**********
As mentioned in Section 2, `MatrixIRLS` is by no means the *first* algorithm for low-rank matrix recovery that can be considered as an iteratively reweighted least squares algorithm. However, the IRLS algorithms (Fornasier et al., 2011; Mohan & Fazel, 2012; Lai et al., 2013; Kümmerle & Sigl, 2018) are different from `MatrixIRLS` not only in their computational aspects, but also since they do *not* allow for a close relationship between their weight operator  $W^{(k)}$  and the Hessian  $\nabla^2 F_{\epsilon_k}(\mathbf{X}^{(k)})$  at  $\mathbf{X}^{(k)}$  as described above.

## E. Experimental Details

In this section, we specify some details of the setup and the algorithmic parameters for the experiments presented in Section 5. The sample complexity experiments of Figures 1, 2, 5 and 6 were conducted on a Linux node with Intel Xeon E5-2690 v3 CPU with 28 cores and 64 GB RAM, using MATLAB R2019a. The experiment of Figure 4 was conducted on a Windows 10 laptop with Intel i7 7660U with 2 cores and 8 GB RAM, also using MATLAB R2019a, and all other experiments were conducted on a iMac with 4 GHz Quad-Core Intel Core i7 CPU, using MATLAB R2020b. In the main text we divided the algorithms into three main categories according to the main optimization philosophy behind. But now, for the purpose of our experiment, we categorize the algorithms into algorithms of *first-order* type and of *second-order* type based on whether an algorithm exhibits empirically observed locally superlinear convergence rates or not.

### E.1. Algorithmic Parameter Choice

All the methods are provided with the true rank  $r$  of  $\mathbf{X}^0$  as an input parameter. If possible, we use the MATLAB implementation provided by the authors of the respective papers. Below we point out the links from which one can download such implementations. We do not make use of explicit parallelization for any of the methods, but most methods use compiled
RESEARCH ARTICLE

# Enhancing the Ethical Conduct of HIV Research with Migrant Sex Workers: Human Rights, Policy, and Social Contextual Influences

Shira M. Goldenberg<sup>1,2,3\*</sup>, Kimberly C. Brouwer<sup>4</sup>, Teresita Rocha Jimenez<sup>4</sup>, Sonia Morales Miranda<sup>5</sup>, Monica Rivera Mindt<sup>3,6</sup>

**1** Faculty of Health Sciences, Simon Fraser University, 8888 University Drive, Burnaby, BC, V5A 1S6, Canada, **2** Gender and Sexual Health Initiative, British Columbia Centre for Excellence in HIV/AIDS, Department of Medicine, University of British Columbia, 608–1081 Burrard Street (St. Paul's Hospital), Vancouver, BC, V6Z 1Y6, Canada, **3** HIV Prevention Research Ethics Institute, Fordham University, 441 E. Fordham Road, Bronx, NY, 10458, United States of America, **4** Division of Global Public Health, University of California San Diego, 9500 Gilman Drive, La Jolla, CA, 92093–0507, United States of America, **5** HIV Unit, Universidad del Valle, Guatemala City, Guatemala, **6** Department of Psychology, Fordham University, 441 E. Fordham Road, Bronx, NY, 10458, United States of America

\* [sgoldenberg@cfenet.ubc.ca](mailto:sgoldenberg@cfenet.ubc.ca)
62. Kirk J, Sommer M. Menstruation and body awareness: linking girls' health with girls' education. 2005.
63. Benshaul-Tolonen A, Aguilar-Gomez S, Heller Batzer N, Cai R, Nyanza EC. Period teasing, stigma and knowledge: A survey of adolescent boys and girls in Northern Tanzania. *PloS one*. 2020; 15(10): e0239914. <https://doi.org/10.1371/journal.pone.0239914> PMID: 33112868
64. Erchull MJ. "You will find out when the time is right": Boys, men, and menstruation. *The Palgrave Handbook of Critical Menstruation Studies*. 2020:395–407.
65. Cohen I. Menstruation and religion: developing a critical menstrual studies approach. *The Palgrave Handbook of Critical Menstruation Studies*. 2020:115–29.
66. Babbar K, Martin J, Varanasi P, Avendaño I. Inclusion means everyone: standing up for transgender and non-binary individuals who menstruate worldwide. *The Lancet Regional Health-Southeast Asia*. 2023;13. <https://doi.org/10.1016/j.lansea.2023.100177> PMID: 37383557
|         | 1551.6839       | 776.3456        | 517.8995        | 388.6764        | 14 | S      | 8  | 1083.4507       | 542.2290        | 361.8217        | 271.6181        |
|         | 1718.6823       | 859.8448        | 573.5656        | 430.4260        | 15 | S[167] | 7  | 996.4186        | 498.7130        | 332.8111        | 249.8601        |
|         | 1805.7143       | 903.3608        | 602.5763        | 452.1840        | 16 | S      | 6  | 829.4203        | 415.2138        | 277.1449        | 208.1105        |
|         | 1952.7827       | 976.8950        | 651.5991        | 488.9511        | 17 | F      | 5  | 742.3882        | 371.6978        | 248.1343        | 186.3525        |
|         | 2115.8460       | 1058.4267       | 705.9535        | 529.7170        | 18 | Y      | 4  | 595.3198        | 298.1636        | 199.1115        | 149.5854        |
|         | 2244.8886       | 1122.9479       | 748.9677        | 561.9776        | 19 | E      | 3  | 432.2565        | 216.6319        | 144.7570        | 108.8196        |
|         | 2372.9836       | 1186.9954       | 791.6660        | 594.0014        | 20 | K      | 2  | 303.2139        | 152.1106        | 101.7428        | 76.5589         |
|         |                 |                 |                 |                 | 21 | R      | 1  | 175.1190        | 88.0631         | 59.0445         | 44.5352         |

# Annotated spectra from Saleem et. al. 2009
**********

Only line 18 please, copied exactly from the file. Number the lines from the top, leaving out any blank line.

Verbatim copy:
|         | 1805.7143       | 903.3608        | 602.5763        | 452.1840        | 16 | S      | 6  | 829.4203        | 415.2138        | 277.1449        | 208.1105        |